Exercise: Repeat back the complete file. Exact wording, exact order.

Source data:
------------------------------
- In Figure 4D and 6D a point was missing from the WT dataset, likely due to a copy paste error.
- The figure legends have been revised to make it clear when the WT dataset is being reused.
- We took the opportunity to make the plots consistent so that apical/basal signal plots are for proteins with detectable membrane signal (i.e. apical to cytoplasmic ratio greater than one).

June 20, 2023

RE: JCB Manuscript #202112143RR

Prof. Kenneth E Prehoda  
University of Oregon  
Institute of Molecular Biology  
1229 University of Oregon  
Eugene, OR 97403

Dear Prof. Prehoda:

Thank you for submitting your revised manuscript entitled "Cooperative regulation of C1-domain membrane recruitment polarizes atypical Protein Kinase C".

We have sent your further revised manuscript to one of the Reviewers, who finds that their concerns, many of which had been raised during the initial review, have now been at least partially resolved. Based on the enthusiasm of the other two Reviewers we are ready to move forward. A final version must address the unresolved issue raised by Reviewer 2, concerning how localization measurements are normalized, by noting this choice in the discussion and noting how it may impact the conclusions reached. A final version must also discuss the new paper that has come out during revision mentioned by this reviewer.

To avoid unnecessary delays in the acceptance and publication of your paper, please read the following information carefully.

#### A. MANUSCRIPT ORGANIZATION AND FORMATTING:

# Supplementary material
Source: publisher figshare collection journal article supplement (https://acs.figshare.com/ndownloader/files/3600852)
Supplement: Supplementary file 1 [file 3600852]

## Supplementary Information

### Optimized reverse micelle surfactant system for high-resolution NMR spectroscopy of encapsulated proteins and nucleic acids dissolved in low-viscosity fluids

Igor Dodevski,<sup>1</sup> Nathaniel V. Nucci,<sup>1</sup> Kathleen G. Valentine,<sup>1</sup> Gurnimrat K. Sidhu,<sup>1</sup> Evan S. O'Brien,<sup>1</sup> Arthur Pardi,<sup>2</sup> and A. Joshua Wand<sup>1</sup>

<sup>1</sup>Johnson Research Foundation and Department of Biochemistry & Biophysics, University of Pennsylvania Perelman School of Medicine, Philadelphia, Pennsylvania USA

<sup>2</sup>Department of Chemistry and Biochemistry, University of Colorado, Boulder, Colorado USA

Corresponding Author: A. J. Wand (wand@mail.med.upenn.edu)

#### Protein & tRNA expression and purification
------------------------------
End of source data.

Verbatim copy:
- In Figure 4D and 6D a point was missing from the WT dataset, likely due to a copy paste error.
- The figure legends have been revised to make it clear when the WT dataset is being reused.
- We took the opportunity to make the plots consistent so that apical/basal signal plots are for proteins with detectable membrane signal (i.e. apical to cytoplasmic ratio greater than one).

June 20, 2023

RE: JCB Manuscript #202112143RR

Prof. Kenneth E Prehoda  
University of Oregon  
Institute of Molecular Biology  
1229 University of Oregon  
Eugene, OR 97403

Dear Prof. Prehoda:

Thank you for submitting your revised manuscript entitled "Cooperative regulation of C1-domain membrane recruitment polarizes atypical Protein Kinase C".

We have sent your further revised manuscript to one of the Reviewers, who finds that their concerns, many of which had been raised during the initial review, have now been at least partially resolved. Based on the enthusiasm of the other two Reviewers we are ready to move forward. A final version must address the unresolved issue raised by Reviewer 2, concerning how localization measurements are normalized, by noting this choice in the discussion and noting how it may impact the conclusions reached. A final version must also discuss the new paper that has come out during revision mentioned by this reviewer.

To avoid unnecessary delays in the acceptance and publication of your paper, please read the following information carefully.

#### A. MANUSCRIPT ORGANIZATION AND FORMATTING:

# Supplementary material
Source: publisher figshare collection journal article supplement (https://acs.figshare.com/ndownloader/files/3600852)
Supplement: Supplementary file 1 [file 3600852]

## Supplementary Information

### Optimized reverse micelle surfactant system for high-resolution NMR spectroscopy of encapsulated proteins and nucleic acids dissolved in low-viscosity fluids

Igor Dodevski,<sup>1</sup> Nathaniel V. Nucci,<sup>1</sup> Kathleen G. Valentine,<sup>1</sup> Gurnimrat K. Sidhu,<sup>1</sup> Evan S. O'Brien,<sup>1</sup> Arthur Pardi,<sup>2</sup> and A. Joshua Wand<sup>1</sup>

<sup>1</sup>Johnson Research Foundation and Department of Biochemistry & Biophysics, University of Pennsylvania Perelman School of Medicine, Philadelphia, Pennsylvania USA

<sup>2</sup>Department of Chemistry and Biochemistry, University of Colorado, Boulder, Colorado USA

Corresponding Author: A. J. Wand (wand@mail.med.upenn.edu)

#### Protein & tRNA expression and purification